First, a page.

What is it, exactly, that pastors do? The pastoral vocation might be described in specific tasks: preaching, visiting, presiding, leading meetings, praying. Stepping back, though, I’m drawn to pastor Andrew Hermodson-Olsen’s proposal in today’s article below. He suggests that pastors—and others, as well—have the beautiful role of attending to the stories of others. It’s a holy calling indeed.
Adam Copeland, Center for Stewardship Leaders
The Ministry of Stewarding Stories
Pastor Andrew Hermodson-Olsen
Years ago, early in my ministry as a pastor, I made a hospital call on a parishioner. She was an active member of the congregation, so I knew her somewhat. I expected the conversation to follow a common pattern of talking about how she was doing, followed by devotions and prayer. She took charge of the conversation, however, and began to share some important stories of her past.
As I left that hospital room, I felt like something special had happened. I sensed that she wanted to make good use of this time with the pastor by handing over, in a sense, key stories of her identity. She wanted me to know her. If I was going to be her pastor, then I needed to hear these stories. I was there to receive them without judgment and to reflect the presence of a gracious God.
As I pondered that visit and the trust she had shown me in her sharing, I began to think about my vocation in a new way. Certainly, I am called to proclaim the story of Jesus and to be a steward of the Gospel. I am also a keeper of people’s stories. At times this involves confidentiality. It always involves remembering and respect. I am a steward of these stories knowing the dignity of the person to whom they belong.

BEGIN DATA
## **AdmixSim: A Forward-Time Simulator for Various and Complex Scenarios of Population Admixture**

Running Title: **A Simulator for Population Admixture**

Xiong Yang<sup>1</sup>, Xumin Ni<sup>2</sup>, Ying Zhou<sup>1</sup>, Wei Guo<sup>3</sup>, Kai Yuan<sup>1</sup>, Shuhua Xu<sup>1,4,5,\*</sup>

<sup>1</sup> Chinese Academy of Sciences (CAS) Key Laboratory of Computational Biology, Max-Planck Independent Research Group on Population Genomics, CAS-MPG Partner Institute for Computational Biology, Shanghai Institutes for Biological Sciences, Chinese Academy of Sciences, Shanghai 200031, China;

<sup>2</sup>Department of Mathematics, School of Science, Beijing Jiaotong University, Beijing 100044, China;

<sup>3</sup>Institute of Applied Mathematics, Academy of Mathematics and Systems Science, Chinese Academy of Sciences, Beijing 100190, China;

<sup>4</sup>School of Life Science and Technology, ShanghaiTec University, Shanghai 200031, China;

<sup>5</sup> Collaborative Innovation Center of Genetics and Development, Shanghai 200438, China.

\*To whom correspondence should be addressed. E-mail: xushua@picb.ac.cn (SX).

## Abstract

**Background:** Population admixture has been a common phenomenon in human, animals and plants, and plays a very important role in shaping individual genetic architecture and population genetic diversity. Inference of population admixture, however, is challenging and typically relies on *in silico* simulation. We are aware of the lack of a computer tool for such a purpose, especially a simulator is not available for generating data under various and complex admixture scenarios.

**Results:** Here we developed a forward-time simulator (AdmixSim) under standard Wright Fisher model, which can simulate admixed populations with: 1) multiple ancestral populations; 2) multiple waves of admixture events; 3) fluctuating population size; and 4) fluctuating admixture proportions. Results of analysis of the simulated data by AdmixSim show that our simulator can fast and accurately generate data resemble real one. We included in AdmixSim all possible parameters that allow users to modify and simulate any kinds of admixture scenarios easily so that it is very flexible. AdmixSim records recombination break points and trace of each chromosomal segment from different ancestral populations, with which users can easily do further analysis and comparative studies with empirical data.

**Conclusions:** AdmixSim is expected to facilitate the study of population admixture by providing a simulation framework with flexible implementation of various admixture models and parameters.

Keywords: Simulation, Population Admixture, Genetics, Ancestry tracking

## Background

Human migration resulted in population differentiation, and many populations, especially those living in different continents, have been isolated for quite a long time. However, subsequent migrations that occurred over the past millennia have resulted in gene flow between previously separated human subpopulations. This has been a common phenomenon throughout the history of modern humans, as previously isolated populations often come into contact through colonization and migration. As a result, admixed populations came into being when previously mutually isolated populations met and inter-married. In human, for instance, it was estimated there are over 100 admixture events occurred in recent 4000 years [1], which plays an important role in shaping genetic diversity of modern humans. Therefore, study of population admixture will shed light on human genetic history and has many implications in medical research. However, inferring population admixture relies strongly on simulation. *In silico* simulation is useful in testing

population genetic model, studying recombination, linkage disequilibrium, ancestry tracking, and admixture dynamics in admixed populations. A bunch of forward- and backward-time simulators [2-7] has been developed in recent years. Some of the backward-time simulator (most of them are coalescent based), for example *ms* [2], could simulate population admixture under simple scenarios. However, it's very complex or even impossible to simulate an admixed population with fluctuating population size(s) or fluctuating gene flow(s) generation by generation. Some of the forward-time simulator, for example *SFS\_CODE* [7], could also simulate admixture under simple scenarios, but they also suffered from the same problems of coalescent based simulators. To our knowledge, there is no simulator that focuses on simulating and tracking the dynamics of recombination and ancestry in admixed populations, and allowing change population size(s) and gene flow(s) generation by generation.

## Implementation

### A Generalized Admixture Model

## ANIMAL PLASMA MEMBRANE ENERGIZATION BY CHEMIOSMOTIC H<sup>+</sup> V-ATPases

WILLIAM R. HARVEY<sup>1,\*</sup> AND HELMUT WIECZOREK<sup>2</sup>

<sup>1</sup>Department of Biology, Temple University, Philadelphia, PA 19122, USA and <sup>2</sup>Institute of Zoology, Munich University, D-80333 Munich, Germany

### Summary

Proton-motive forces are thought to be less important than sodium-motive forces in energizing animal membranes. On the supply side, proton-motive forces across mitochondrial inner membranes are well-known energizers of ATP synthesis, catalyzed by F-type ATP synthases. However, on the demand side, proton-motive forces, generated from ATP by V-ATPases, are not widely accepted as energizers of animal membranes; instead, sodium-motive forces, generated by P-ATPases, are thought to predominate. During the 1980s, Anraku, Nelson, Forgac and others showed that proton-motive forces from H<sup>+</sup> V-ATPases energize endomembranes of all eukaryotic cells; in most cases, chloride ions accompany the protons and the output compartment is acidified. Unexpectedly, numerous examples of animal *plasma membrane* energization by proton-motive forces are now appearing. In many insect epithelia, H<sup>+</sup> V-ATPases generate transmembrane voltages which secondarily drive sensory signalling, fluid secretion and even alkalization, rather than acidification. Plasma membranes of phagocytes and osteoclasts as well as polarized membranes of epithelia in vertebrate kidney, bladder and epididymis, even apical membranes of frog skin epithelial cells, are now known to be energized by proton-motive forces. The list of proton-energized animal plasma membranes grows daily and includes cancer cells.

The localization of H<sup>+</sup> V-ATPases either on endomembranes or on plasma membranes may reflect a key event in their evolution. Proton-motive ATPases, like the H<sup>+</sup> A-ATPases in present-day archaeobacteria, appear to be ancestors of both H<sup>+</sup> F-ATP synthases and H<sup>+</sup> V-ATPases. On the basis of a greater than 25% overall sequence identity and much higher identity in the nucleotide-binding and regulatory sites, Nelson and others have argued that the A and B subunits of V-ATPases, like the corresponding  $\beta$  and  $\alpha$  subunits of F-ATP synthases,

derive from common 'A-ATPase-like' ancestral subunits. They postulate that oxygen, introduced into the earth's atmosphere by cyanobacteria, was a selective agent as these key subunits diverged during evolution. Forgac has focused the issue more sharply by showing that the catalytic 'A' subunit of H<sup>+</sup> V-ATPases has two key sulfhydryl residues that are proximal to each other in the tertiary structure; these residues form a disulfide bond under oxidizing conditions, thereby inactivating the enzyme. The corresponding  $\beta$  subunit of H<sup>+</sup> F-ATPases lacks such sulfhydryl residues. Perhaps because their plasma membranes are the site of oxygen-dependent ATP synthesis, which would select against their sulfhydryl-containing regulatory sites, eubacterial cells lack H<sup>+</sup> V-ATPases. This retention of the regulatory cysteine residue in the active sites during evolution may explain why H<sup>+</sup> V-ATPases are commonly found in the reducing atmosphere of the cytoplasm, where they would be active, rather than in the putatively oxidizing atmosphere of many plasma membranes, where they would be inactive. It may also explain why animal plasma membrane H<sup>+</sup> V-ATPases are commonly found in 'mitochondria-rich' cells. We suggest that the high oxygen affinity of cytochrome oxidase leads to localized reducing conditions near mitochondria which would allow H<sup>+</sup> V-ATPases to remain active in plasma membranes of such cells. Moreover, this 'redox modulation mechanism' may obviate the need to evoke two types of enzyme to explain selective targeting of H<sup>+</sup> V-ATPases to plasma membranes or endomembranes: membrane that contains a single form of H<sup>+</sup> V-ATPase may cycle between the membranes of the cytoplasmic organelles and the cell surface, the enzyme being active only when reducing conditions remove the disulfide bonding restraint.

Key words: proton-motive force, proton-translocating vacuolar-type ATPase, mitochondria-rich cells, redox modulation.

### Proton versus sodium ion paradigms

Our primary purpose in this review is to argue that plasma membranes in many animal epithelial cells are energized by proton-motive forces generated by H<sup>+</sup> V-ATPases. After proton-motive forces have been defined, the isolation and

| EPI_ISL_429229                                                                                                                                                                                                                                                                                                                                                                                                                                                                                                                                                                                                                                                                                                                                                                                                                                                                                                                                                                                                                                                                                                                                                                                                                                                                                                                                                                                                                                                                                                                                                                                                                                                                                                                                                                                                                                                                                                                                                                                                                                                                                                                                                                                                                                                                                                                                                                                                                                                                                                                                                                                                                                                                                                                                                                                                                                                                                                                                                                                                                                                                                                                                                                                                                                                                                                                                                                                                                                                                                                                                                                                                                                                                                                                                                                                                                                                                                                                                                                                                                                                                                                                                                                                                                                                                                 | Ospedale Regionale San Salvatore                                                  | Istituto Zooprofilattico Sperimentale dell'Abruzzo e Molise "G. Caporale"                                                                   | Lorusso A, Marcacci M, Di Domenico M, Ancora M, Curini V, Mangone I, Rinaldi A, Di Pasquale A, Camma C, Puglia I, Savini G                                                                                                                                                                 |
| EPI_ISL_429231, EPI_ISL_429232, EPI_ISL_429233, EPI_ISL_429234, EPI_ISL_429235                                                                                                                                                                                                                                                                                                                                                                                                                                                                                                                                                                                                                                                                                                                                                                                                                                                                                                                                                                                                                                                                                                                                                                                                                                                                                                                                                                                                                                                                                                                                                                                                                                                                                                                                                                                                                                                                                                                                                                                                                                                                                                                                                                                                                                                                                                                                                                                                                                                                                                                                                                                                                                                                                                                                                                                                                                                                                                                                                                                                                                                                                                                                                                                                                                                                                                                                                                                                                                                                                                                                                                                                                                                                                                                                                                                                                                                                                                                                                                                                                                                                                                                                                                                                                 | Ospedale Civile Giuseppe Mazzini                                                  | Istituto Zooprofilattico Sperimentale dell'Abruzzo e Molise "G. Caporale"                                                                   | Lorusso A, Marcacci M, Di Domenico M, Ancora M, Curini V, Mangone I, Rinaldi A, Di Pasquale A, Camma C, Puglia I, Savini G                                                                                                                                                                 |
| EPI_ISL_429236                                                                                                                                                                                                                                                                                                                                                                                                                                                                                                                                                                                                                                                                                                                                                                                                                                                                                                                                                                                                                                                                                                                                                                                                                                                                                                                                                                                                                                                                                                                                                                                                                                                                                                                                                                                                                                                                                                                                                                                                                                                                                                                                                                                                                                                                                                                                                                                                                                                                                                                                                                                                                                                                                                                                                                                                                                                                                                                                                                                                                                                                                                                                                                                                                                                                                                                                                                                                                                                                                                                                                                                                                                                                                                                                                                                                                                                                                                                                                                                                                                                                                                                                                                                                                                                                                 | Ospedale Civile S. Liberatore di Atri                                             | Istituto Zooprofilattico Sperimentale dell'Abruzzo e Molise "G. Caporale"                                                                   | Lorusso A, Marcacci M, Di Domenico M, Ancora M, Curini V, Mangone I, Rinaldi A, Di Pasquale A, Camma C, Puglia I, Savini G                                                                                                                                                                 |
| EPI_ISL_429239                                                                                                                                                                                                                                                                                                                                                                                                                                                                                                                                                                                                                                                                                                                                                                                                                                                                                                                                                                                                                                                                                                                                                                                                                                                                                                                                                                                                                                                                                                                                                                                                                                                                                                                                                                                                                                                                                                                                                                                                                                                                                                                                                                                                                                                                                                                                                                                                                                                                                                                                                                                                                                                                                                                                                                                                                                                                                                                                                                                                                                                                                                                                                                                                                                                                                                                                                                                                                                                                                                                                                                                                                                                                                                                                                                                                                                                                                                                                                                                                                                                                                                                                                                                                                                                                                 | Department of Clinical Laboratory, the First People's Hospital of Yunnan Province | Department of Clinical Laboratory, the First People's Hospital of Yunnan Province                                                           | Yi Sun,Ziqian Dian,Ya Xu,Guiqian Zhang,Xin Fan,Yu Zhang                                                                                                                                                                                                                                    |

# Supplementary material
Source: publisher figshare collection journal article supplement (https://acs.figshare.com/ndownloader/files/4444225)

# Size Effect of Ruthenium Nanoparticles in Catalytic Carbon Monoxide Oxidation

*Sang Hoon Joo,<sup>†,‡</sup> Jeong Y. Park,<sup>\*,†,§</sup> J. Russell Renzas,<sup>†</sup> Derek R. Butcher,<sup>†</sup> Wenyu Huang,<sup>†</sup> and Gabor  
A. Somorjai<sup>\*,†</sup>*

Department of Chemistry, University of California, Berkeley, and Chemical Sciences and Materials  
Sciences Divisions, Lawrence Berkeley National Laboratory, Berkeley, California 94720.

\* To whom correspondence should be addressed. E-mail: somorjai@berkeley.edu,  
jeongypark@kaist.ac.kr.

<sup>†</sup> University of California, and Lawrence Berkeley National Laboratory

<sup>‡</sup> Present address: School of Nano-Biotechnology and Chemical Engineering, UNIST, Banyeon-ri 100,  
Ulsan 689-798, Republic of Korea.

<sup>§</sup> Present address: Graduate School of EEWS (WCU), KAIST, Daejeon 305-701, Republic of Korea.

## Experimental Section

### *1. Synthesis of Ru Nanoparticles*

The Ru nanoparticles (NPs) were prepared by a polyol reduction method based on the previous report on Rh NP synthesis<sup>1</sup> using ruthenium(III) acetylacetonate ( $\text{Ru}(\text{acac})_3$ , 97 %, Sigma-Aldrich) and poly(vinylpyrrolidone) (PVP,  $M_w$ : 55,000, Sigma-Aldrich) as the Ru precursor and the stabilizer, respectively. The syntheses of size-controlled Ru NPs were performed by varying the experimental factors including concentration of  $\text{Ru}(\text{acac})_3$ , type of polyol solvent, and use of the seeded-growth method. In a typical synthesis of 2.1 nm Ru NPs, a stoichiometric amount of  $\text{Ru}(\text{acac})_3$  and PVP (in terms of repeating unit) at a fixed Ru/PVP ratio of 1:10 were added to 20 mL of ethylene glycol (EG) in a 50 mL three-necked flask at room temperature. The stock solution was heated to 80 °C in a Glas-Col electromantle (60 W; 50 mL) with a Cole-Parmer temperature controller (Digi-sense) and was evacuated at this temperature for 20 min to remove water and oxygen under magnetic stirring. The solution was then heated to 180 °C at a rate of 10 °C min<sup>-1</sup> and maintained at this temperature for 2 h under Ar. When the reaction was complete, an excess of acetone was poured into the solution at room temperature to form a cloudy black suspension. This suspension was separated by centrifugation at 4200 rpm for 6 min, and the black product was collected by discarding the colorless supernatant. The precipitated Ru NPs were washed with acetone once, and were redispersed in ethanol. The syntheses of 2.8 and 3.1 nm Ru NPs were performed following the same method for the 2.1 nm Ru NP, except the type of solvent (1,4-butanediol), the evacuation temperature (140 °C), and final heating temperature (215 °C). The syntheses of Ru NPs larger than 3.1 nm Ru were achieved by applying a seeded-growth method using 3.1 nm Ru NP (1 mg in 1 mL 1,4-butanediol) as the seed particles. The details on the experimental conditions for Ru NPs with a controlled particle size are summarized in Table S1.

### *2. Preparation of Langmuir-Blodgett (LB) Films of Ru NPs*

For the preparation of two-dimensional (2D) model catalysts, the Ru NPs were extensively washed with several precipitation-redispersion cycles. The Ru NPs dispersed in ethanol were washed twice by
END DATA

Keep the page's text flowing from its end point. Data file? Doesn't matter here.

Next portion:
To be the steward of stories is not just the vocation of the pastor. I think of doctors, counselors, social workers, and others who are asked to listen and keep the stories of others in their vocations. In even a broader sense, all of us have the opportunity to be stewards of stories with our family, friends, and coworkers who trust us. In those relationships, it may be that we haven’t just been told the story, but we are even in and a part of the important, life-shaping stories of another person.
When we steward a story, we learn when it is appropriate to re-tell, if at all. If we re-tell the story of another, we would certainly want to speak it with respect. Yet in most cases, the stories I am thinking that I have been asked to keep are not to be retold, just remembered, so that I, as a pastor, will better know the person I have been called to love and serve.
I have moved a few times over years serving different churches. In saying good-bye recently to a congregation, some older Christians said to me, “I wanted you to be the pastor at my funeral.” It’s an odd sort of compliment! Yet I hear it again as a recognition of my life with them and my role as a steward. I hold their stories. And that doesn’t mean I am better equipped to do their funeral because I can tell stories about them. There is just a peace with knowing that the pastor and those gathered can both proclaim and hear the Gospel with them in mind. The primary story of Jesus, for which I am also a steward, shines above any other story.
Our stories carry our identity, connect us together, pass on meaning, give us enjoyment, express our griefs and joys. We don’t just have stories to tell, we are stories. When we share our stories, we share ourselves. So, in various ways, we are to steward the stories of others with love and respect.
About the Author
Andrew is a pastor at First Lutheran Church, St. James, MN. He also works with the Southwestern Minnesota Synod in directing a Lilly Endowment grant they received under the National Initiative to Address Economic Challenges Facing Pastoral Leaders.
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